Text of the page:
By org jforward wisbar Joe Forward, Legal Writer, State Bar of Wisconsin
June 17, 2010 – The Wisconsin Supreme Court on June 15 clarified the procedure and standard for reviewing discharge petitions of those civilly committed for sexual violence.
In State v. Arends, 2008AP000052 (June 15, 2010) the supreme court interpreted procedures under Wis. Stat. section 980.09 – discharge petitions for sexually violent person commitments – which was amended in 2006.
The petitioner in the case, Daniel Arends, was civilly committed as a sexually violent person in 2005 and petitioned for discharge in 2007. The circuit court denied the petition.
The court – in an opinion written by Justice Michael J. Gableman – concluded that section 980.09 “requires a circuit court to follow a two-step process in determining whether to hold a discharge hearing.” The circuit court – which denied Arends’ petition without a hearing after reviewing documents outside the petition – did not follow this procedure, the court found.
The first step – section 980.09(1)
Under section 980.09(1), a “court shall deny the petition … without a hearing unless the petition alleges facts from which the court or jury may conclude the person’s condition has changed” since the civil commitment, the court explained.
The court noted that section 980.09(1) “provides for a very limited review aimed at ensuring the petition is sufficient–that is, whether relief for the petitioner is possible based on the factual allegations in the petition” and documents attached to it.
This standard, the court noted, “is similar to that used in civil cases to decide a motion to dismiss for failure to state a claim upon which relief can be granted.” The purpose of the first step is to “weed out meritless and unsupported petitions,” the court wrote.
The circuit court denied the petition after reviewing evidence outside the petition, but did not state whether it was denying the petition under section 980.09(1) or (2).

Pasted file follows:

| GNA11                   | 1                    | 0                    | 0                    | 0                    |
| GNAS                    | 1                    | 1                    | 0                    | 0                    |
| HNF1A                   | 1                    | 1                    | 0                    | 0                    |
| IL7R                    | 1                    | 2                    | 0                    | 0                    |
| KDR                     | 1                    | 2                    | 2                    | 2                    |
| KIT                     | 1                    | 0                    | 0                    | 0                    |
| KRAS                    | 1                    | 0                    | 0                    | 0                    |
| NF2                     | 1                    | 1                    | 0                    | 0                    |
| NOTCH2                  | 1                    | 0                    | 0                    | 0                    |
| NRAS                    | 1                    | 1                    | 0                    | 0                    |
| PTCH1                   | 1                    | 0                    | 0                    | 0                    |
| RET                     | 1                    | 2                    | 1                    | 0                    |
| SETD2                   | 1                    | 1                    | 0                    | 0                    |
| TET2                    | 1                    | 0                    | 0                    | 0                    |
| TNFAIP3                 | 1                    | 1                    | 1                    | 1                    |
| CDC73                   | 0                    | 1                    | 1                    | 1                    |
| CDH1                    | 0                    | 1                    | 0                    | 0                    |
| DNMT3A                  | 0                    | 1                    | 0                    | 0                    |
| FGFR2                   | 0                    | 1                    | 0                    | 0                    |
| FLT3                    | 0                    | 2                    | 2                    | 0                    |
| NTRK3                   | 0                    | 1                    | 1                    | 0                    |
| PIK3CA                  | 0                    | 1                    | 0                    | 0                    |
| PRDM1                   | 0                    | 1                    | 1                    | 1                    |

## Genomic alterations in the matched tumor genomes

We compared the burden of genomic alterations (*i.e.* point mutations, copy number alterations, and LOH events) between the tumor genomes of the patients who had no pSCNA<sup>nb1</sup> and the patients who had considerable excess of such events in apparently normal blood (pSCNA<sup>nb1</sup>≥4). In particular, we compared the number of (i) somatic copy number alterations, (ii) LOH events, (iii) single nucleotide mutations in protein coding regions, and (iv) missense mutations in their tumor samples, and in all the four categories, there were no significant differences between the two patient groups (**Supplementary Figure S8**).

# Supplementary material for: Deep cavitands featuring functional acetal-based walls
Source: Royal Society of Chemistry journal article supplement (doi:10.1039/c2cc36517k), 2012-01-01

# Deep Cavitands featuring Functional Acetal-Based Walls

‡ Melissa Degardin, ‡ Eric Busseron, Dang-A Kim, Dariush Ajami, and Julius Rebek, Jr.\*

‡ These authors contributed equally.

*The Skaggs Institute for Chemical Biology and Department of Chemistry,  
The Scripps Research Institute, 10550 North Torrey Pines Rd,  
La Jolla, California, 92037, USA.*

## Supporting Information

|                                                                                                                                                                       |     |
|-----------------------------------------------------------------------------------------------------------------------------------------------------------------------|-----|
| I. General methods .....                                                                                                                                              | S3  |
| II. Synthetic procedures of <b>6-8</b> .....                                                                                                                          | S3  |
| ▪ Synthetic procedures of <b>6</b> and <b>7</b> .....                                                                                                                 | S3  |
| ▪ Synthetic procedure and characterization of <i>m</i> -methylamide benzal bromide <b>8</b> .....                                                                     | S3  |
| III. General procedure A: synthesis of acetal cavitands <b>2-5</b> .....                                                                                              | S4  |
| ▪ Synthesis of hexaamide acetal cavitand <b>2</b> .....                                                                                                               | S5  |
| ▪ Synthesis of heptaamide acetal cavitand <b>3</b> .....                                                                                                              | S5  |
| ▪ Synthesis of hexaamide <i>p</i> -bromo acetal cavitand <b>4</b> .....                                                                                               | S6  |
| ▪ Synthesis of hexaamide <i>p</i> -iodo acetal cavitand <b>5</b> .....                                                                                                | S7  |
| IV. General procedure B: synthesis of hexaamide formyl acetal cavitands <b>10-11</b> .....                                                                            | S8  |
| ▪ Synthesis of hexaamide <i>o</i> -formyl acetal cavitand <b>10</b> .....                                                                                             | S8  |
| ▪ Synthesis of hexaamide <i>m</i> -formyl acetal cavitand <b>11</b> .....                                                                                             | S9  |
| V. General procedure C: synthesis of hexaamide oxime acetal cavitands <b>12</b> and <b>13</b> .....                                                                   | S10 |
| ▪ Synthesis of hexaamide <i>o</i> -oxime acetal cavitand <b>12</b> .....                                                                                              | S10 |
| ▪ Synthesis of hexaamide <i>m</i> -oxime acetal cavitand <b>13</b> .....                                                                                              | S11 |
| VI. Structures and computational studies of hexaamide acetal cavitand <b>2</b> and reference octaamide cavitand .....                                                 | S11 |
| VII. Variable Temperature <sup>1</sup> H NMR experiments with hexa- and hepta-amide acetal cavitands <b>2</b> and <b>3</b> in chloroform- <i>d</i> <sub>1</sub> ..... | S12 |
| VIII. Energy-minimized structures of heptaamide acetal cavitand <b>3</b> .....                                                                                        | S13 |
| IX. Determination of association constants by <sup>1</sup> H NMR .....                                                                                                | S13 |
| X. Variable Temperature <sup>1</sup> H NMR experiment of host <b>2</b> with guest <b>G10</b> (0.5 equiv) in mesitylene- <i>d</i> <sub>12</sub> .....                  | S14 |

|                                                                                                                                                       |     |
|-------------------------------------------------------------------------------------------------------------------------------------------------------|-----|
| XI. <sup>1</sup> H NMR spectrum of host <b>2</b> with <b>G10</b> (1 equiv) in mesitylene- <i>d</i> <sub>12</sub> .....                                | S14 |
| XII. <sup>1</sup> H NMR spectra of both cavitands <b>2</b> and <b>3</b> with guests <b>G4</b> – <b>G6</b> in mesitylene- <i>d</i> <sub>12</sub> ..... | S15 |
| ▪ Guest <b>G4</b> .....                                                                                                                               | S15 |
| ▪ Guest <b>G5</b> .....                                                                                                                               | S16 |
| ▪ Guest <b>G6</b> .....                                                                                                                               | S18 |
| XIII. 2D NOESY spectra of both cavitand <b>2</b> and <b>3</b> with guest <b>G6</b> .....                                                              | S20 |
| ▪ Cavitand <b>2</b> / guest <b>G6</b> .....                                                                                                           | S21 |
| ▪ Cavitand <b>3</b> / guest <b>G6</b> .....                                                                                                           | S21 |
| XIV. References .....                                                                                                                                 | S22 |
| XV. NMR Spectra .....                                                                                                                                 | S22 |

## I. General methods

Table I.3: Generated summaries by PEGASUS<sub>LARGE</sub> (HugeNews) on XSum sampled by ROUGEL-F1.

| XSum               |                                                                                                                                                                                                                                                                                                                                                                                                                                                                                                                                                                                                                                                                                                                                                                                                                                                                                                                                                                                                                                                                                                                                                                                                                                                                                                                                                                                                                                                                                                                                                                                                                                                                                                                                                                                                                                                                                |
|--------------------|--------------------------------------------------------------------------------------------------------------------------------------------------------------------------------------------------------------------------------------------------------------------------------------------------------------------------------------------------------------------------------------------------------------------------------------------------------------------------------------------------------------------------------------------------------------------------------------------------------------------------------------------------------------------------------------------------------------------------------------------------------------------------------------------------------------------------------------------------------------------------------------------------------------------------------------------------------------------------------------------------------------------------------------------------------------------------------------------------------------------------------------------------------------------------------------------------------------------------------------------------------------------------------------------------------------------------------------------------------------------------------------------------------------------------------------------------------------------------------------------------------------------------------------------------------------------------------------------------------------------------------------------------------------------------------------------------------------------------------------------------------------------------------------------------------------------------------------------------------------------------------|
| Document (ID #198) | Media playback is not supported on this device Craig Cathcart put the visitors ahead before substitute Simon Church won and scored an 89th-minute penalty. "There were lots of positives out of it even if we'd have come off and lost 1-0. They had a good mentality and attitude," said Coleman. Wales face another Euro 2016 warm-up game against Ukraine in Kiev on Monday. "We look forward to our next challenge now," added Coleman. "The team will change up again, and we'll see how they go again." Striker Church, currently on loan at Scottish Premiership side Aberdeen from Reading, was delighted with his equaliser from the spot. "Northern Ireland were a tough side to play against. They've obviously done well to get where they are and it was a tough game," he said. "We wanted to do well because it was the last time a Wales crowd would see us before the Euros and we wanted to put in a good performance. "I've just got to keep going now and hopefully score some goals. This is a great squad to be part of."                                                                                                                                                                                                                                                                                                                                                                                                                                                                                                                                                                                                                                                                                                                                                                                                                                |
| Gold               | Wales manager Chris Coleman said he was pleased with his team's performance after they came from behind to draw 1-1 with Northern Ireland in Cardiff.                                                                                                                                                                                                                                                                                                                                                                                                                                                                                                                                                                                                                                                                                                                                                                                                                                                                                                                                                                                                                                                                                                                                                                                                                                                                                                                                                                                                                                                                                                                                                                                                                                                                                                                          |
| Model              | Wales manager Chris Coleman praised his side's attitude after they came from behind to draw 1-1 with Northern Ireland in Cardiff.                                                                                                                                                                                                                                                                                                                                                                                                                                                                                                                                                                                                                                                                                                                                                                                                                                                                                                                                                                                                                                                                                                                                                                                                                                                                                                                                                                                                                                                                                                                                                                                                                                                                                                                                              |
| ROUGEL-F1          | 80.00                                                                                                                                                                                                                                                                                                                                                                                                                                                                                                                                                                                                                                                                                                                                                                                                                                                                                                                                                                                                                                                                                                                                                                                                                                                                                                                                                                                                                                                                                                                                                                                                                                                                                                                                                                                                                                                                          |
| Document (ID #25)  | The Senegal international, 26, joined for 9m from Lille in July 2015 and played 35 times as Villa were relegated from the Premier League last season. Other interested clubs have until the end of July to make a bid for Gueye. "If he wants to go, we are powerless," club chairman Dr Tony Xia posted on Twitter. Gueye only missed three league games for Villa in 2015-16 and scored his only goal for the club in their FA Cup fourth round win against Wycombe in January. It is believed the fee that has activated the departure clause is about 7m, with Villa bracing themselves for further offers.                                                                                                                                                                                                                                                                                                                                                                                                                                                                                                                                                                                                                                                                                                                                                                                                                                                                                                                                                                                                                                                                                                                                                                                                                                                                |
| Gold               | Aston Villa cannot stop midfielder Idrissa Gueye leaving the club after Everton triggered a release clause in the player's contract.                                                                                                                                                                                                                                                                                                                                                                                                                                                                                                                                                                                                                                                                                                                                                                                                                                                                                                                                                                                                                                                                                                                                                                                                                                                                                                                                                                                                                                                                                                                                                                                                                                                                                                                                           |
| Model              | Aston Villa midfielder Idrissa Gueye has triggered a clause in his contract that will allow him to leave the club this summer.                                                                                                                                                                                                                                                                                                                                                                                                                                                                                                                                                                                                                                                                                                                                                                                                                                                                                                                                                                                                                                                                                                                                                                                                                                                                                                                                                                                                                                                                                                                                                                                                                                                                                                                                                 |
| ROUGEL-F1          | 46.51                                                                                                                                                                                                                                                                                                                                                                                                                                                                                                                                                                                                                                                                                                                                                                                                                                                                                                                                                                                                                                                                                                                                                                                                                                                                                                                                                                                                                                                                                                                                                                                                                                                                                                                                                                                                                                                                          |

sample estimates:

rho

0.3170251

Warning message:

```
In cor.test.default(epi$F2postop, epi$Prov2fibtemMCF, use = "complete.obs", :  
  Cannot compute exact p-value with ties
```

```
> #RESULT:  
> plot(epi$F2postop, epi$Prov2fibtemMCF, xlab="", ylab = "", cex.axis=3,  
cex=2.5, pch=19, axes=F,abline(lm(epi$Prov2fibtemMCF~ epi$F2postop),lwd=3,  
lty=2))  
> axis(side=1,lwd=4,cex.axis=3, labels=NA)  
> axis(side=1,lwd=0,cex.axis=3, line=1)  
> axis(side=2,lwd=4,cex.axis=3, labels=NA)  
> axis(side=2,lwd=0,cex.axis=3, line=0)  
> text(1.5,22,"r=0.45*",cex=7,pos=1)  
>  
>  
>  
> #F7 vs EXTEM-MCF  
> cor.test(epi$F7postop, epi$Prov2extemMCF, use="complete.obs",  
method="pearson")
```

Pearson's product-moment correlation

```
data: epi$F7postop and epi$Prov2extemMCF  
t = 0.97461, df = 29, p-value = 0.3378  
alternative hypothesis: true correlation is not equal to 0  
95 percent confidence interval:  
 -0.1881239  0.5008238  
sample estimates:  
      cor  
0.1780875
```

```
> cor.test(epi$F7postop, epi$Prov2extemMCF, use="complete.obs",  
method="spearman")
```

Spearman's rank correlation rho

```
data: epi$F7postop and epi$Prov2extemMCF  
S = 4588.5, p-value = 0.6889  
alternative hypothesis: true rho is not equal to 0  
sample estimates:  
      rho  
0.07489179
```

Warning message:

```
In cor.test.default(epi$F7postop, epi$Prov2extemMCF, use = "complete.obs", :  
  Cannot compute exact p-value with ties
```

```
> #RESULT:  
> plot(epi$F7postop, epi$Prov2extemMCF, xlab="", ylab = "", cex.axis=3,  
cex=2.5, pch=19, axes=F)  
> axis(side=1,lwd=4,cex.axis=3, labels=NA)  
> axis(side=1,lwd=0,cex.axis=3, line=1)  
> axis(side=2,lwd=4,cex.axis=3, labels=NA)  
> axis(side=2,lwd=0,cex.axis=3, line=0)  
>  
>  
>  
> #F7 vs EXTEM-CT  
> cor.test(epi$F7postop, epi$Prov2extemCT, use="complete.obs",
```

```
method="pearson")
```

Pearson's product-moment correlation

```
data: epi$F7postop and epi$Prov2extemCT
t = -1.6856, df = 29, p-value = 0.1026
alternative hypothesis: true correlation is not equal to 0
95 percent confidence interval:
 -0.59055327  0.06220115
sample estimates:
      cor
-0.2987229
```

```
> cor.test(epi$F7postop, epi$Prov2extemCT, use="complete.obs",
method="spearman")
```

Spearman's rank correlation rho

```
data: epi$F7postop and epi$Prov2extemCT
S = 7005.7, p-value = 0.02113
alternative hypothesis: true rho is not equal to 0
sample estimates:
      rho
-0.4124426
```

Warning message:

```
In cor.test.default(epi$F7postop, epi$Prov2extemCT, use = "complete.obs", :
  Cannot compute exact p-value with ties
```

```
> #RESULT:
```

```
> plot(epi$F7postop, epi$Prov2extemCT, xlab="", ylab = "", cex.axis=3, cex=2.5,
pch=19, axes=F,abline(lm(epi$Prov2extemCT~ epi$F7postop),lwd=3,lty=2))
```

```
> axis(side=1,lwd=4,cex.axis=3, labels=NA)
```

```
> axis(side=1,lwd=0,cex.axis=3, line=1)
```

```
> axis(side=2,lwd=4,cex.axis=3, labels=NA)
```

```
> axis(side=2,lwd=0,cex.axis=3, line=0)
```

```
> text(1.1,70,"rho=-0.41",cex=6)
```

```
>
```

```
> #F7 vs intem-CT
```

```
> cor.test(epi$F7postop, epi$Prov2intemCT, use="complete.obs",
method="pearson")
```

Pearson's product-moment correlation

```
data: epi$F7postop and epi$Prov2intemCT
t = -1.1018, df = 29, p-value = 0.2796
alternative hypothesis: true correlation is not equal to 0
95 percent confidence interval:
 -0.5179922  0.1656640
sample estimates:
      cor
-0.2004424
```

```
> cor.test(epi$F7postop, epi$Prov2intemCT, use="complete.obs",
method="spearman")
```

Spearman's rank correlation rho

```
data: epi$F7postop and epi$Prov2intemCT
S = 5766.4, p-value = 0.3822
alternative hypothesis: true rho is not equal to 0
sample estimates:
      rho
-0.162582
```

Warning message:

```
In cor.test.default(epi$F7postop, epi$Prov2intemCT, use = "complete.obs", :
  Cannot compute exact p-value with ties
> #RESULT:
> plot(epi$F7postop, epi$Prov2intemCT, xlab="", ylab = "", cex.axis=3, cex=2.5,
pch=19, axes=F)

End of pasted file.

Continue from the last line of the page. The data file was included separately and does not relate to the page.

Because it “considered evidence outside of the petition … it appears that the circuit court’s denial was issued after a section 980.09(2) analysis,” the court wrote, but it “did not consider all of the items it was required to consider under section 980.09(2).”
The second step – section 980.09(2)
Under 980.09(2), court may, at its discretion, hold a hearing to determine whether the a petitioner is entitled to a formal discharge hearing under section 980.09(3). That is, a court may use a section 980.09(2) hearing to aid the determination of whether the petition and supporting materials "contain any facts from which a reasonable trier of fact could conclude that the petitioner" has changed and no longer meets the criteria to be committed.
In a 980.09(2) hearing, the court must consider “any current or past reports filed under s. 980.07, relevant facts in the petition and in the state’s written response, arguments of counsel, and any supporting documentation provided by the person or the state.”
Here, the court explained, the circuit court did not consider all of the items it was required to consider under section 980.09(2).
Additionally, the state argued that removal of the words “probable cause” from the old statute gives courts more discretion to make limited credibility determinations in a section 980.09(2) hearing. Under the amended provision, the state argued, the petitioner must prove by a preponderance of the evidence that he has changed.
The court rejected the state’s argument. Under section 980.09(2), the court explained, the circuit court must determine whether a court or jury could find in the petitioners favor based on reasonably reliable facts. It does not mandate a standard beyond that.
The standard, the court wrote, “is not whether the evidence more heavily favors the petitioner, but whether the enumerated items contain facts" that allow a fact-finder to grant relief. Contrary to the state’s belief, the burden does not shift to the petitioner to make the case under 980.09(2).
Justice David Prosser filed a dissenting opinion.